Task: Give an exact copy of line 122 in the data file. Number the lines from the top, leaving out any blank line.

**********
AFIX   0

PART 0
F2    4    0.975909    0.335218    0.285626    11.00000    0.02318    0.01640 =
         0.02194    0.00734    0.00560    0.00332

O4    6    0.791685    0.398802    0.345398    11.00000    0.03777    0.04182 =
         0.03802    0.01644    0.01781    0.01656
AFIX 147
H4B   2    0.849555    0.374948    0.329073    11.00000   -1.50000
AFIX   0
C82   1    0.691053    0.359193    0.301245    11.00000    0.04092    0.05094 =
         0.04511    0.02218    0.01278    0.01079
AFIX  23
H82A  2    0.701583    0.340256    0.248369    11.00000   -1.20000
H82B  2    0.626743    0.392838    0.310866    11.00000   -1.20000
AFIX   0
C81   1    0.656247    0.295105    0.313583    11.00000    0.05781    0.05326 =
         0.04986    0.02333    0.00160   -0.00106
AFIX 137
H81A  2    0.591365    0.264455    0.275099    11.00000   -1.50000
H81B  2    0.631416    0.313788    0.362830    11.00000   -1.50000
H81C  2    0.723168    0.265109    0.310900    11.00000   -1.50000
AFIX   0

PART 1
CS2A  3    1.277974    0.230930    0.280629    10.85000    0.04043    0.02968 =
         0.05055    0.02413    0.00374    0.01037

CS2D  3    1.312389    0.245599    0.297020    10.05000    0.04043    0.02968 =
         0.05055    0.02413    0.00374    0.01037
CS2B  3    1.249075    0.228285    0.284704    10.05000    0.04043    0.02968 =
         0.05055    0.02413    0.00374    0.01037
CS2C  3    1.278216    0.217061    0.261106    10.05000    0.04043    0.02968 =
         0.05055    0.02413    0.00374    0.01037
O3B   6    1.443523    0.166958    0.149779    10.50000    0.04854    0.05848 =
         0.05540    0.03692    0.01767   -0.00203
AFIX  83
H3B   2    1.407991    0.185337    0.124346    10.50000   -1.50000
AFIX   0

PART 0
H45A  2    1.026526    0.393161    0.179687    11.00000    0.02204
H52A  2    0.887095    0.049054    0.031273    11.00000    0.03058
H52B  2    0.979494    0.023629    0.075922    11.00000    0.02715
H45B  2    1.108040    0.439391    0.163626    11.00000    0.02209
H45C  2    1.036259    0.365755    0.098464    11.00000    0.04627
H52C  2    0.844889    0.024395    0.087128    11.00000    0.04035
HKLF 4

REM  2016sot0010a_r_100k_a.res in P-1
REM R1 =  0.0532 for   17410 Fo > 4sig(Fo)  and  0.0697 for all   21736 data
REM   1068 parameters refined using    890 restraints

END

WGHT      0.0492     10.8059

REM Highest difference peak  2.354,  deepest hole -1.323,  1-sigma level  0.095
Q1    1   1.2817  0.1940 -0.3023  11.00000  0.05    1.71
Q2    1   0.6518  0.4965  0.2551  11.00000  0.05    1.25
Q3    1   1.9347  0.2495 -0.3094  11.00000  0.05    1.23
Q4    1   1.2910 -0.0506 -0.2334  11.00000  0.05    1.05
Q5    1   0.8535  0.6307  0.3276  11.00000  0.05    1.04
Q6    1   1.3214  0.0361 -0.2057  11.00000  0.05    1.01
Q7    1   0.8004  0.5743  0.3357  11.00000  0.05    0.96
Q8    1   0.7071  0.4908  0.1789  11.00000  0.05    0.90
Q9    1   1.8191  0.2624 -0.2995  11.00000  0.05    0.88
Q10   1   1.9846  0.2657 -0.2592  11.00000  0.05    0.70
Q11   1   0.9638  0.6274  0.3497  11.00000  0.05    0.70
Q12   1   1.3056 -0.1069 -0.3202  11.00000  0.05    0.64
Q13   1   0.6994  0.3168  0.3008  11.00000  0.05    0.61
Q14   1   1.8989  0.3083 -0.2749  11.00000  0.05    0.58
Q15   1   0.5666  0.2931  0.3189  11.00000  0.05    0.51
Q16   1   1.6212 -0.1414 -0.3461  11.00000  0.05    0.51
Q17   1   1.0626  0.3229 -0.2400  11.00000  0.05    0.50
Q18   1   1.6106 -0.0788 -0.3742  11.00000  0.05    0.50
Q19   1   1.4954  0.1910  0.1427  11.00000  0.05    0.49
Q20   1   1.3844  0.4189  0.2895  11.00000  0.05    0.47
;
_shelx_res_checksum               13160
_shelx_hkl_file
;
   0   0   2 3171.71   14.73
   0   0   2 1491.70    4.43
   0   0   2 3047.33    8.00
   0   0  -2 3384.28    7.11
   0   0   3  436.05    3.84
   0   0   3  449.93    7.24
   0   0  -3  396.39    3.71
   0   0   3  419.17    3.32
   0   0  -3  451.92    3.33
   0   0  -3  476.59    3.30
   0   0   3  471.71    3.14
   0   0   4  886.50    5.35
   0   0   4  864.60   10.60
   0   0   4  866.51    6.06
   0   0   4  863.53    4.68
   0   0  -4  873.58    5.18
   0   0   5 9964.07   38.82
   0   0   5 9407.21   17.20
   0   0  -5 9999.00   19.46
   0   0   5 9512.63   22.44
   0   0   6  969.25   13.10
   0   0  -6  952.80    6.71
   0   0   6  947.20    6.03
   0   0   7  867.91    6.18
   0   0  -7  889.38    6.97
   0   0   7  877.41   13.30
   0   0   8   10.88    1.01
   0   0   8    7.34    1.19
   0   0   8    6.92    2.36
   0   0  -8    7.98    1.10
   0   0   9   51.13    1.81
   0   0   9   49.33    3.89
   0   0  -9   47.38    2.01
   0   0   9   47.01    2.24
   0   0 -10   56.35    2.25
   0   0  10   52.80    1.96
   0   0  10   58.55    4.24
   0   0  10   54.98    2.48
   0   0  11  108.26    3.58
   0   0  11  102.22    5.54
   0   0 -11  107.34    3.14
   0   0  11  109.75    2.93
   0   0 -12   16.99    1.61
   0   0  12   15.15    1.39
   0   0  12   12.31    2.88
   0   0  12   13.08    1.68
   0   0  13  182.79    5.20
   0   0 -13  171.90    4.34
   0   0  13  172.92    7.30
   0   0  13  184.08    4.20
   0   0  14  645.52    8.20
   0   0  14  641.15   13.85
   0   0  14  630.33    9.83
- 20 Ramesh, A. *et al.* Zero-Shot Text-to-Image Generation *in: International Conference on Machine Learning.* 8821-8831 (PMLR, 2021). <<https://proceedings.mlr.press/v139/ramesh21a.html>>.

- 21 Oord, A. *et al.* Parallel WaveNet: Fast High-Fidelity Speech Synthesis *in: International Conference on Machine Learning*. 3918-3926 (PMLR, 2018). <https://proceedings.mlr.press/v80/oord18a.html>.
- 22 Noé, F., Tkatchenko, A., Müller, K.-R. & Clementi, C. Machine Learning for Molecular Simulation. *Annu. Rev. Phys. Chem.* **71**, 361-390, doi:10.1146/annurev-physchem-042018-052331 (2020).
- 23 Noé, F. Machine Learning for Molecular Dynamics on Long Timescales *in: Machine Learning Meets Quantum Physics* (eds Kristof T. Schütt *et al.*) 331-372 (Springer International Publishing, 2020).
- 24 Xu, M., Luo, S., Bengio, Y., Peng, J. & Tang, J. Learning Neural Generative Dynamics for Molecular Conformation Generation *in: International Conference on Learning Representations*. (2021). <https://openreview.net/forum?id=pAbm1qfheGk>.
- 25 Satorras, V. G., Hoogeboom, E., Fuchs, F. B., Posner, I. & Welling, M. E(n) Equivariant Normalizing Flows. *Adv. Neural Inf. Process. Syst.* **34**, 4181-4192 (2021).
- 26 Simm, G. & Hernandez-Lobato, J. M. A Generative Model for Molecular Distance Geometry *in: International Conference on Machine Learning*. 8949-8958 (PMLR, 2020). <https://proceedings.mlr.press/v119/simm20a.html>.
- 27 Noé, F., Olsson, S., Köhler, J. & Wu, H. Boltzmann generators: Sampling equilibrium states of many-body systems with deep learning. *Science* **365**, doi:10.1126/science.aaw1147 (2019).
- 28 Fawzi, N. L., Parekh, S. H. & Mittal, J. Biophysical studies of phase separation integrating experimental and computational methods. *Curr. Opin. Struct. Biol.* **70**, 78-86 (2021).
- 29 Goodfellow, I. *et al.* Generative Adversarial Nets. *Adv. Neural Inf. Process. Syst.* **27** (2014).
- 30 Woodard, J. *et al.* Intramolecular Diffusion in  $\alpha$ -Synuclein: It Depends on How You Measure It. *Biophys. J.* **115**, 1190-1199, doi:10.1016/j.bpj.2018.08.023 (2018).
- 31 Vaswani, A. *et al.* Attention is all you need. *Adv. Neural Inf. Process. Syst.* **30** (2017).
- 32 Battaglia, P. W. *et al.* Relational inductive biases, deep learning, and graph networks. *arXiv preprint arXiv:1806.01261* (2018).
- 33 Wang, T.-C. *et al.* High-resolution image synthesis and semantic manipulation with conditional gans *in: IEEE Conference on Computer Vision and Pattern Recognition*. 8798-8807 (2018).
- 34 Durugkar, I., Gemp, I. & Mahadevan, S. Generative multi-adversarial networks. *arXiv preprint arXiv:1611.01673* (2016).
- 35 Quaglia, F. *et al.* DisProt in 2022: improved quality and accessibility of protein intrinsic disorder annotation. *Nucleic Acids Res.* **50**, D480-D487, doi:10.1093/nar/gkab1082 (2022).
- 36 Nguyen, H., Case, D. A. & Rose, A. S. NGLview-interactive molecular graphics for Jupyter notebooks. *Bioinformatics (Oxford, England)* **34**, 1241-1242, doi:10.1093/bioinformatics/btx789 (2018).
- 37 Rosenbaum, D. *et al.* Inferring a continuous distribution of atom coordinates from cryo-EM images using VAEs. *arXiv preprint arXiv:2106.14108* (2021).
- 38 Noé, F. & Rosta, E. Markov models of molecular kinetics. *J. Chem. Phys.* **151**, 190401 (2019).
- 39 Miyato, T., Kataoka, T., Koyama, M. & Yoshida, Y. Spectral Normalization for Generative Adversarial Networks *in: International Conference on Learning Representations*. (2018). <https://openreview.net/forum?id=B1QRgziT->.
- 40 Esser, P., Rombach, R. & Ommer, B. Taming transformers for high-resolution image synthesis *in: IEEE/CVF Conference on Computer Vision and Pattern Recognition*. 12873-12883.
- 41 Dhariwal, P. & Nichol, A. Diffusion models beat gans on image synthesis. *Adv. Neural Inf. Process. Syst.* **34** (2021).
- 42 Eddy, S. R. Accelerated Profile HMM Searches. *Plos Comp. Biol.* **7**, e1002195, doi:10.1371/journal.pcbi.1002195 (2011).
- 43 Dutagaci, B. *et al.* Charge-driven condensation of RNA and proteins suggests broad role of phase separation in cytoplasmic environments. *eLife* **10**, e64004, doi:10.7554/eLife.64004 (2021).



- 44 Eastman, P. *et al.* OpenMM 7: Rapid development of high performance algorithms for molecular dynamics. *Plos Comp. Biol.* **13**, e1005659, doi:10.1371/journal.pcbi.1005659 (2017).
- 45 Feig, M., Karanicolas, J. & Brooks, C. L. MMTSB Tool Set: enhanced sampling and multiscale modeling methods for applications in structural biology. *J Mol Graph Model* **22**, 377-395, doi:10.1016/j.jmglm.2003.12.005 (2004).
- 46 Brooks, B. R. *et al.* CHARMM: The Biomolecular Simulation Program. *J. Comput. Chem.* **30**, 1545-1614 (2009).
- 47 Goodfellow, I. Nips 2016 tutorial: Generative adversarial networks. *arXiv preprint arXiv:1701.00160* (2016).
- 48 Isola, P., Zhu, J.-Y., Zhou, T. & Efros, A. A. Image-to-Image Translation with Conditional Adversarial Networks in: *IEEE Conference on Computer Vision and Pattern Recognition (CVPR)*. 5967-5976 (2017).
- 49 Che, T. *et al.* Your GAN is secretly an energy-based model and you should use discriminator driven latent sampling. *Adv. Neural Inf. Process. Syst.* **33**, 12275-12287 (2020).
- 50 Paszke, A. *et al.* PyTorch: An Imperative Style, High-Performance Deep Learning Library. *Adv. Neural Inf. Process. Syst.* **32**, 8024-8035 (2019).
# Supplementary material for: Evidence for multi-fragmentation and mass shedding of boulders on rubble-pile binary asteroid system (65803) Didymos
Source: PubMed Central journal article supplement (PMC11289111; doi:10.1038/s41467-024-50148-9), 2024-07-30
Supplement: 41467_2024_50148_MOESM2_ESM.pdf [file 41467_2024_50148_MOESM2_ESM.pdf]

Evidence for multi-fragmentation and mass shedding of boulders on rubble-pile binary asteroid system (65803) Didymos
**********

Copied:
   0   0 -13  171.90    4.34